A recent study by Wonga has lifted the lid on so-called ‘mashonisas’, unregulated lenders who provide an informal lending service in the townships and informal communities of South Africa. But who are these mashonisas and what type of service do they provide?
What is a mashonisa?
A mashonisa is defined as a neighbourhood money lender who is not registered with the National Credit Regulator and so is not covered by the legislation as set out in the National Credit Act. Until now, very little was known about these informal lenders, but the Wonga study has exposed some of their practices and revealed who these lenders are.
Who are mashonisas?
Interestingly, the research found that there is no one specific type of mashonisa. In fact, they come from all walks of life and often become lenders because they see it as a reputable employment opportunity. They are both men and women who are embedded in the community, and contrary to the image of mashonisas as members of the criminal class, interviews found that they can be of any age, any education level and both formally employed and unemployed.
Many mashonisas do not make a specific career choice to become money lenders. In fact, a number of those interviewed simply react to events around them. With very few barriers to entry, if an individual has spare cash from a redundancy payment or pension, it’s not uncommon for them to set themselves up as a money lender. All they need to do is tell people in the local community that they have money available and that’s really all it takes.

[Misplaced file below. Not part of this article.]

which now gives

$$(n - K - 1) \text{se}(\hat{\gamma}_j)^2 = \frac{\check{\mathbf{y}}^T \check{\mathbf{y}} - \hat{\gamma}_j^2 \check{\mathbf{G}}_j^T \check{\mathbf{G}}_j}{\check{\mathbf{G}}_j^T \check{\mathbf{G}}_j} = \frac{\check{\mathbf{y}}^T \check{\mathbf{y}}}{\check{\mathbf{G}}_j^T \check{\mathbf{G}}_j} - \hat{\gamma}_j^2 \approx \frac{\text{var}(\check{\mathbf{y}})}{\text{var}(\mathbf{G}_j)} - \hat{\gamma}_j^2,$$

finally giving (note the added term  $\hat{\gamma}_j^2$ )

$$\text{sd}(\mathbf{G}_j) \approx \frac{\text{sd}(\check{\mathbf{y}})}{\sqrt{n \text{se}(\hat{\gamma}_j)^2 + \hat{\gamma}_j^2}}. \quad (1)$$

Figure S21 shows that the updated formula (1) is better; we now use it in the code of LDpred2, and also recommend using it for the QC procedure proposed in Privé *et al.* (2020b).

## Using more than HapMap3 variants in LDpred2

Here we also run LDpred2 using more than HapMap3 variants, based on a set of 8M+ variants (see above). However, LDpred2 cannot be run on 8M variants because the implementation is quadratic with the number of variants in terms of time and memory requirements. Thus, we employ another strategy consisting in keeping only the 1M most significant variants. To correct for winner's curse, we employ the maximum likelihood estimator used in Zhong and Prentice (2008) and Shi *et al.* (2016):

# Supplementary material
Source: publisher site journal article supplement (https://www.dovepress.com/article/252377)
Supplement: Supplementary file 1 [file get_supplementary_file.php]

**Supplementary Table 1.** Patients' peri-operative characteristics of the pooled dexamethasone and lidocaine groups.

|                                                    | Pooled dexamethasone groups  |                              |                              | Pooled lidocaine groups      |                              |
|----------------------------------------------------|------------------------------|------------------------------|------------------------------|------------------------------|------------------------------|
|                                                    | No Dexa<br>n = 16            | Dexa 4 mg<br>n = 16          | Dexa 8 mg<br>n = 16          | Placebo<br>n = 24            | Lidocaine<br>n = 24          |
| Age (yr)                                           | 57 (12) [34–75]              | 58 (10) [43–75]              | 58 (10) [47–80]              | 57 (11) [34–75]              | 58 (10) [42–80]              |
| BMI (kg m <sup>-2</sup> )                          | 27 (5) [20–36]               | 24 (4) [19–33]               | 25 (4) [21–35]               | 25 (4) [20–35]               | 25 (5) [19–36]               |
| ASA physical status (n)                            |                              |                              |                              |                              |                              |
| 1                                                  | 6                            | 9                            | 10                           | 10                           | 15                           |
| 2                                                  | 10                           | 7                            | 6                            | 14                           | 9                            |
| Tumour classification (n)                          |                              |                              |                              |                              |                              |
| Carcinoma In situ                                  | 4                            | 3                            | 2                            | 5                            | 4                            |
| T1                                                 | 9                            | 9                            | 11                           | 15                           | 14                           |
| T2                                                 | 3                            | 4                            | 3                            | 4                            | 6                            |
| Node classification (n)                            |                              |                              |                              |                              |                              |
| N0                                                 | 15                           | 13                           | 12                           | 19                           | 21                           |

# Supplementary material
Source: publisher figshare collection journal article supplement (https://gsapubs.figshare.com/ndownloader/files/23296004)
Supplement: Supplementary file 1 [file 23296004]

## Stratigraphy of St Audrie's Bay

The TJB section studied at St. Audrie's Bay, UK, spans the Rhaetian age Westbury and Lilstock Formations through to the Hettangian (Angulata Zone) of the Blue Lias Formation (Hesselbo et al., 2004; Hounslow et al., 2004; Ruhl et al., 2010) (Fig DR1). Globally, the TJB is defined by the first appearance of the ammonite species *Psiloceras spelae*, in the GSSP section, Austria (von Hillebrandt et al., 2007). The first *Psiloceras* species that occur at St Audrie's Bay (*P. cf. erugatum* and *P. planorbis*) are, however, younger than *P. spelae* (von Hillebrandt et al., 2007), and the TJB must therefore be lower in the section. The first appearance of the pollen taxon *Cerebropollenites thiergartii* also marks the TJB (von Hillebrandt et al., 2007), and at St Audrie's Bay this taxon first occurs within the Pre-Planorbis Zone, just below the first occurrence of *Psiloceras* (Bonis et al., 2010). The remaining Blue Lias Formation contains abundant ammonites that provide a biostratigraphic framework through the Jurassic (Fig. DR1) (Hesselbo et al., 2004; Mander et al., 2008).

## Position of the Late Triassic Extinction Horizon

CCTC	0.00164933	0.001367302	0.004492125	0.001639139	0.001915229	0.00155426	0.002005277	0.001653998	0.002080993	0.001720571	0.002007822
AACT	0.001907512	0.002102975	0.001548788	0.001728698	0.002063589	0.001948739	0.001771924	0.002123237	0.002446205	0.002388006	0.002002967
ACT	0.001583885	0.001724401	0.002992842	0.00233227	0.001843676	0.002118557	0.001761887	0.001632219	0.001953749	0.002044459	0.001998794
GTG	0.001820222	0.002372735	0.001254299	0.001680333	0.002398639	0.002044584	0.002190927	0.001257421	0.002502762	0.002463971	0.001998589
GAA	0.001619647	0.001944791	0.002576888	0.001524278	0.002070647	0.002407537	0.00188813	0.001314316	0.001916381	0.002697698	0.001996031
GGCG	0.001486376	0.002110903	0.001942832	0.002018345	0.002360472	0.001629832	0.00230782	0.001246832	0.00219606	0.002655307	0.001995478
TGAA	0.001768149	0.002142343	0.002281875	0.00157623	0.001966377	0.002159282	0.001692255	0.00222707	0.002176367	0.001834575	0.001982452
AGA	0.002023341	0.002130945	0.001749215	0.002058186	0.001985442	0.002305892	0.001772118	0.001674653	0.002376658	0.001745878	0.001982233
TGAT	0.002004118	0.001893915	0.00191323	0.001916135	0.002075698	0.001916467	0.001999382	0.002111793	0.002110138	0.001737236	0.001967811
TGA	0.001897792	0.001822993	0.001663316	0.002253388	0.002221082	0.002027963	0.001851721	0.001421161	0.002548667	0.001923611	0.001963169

What type of service do mashonisas provide?
Where there is demand for credit, clearly one option open to those in South Africa’s townships and informal communities is to approach a mashonisa. The loans they offer tend to be small and are repaid over a short period of time, typically a month. Loan amounts can vary, from R100 at the low end rising up to R5,000. The interest on the loans ranges from 30-50 percent.
The reason the loans are popular in local communities is the speed with which borrowers can have their hands on the money they need. There’s also a certain simplicity associated with the loans, with interest rates often remaining constant despite irrespective of the loan amount or term. There are also no hidden charges or admin fees.
What are the concerns associated with mashonisas?
Of course, formal credit regulations are in place for a reason. Although speed can be one advantage of using informal lenders, borrowers are also exposed to a number of unscrupulous lending practices. For example, the interest rates are expensive and more than consumers would pay if they were to access loans from formal lenders.
There have also been reports of mashonisas using intimidating and even shaming tactics when collecting the money they are owed. However, given the ease of access and the lack of such convenient alternatives, this is still a risk many borrowers seem willing to take.
Have you borrowed money from a mashonisa? What was your experience? Please share your thoughts in the comments below.